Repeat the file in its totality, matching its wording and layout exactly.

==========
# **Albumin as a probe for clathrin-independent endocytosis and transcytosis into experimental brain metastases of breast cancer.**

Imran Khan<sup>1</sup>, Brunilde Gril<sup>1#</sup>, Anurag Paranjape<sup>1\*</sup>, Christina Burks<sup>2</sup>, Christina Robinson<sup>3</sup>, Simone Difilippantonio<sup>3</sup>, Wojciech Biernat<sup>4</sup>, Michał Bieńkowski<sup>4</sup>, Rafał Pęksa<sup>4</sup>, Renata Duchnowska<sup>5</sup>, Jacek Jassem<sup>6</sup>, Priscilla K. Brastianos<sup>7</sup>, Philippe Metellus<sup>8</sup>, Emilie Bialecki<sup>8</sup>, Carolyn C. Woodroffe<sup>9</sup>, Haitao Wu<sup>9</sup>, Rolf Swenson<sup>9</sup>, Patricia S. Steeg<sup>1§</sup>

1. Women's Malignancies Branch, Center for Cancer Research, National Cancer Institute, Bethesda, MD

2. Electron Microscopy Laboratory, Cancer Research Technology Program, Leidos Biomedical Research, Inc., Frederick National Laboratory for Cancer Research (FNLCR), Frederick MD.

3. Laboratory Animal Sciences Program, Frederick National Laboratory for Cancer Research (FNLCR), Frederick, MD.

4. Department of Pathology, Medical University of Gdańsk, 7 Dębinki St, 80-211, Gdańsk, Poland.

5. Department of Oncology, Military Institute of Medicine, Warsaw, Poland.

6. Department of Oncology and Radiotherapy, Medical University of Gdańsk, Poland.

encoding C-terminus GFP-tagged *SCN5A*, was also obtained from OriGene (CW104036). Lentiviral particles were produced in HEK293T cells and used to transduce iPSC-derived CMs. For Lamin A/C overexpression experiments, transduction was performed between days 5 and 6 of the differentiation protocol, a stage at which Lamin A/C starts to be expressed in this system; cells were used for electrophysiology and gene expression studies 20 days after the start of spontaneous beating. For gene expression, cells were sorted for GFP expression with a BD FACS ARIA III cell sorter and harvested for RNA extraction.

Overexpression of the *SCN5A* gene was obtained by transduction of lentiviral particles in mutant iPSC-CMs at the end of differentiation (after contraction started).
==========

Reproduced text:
# **Albumin as a probe for clathrin-independent endocytosis and transcytosis into experimental brain metastases of breast cancer.**

Imran Khan<sup>1</sup>, Brunilde Gril<sup>1#</sup>, Anurag Paranjape<sup>1\*</sup>, Christina Burks<sup>2</sup>, Christina Robinson<sup>3</sup>, Simone Difilippantonio<sup>3</sup>, Wojciech Biernat<sup>4</sup>, Michał Bieńkowski<sup>4</sup>, Rafał Pęksa<sup>4</sup>, Renata Duchnowska<sup>5</sup>, Jacek Jassem<sup>6</sup>, Priscilla K. Brastianos<sup>7</sup>, Philippe Metellus<sup>8</sup>, Emilie Bialecki<sup>8</sup>, Carolyn C. Woodroffe<sup>9</sup>, Haitao Wu<sup>9</sup>, Rolf Swenson<sup>9</sup>, Patricia S. Steeg<sup>1§</sup>

1. Women's Malignancies Branch, Center for Cancer Research, National Cancer Institute, Bethesda, MD

2. Electron Microscopy Laboratory, Cancer Research Technology Program, Leidos Biomedical Research, Inc., Frederick National Laboratory for Cancer Research (FNLCR), Frederick MD.

3. Laboratory Animal Sciences Program, Frederick National Laboratory for Cancer Research (FNLCR), Frederick, MD.

4. Department of Pathology, Medical University of Gdańsk, 7 Dębinki St, 80-211, Gdańsk, Poland.

5. Department of Oncology, Military Institute of Medicine, Warsaw, Poland.

6. Department of Oncology and Radiotherapy, Medical University of Gdańsk, Poland.

encoding C-terminus GFP-tagged *SCN5A*, was also obtained from OriGene (CW104036). Lentiviral particles were produced in HEK293T cells and used to transduce iPSC-derived CMs. For Lamin A/C overexpression experiments, transduction was performed between days 5 and 6 of the differentiation protocol, a stage at which Lamin A/C starts to be expressed in this system; cells were used for electrophysiology and gene expression studies 20 days after the start of spontaneous beating. For gene expression, cells were sorted for GFP expression with a BD FACS ARIA III cell sorter and harvested for RNA extraction.

Overexpression of the *SCN5A* gene was obtained by transduction of lentiviral particles in mutant iPSC-CMs at the end of differentiation (after contraction started).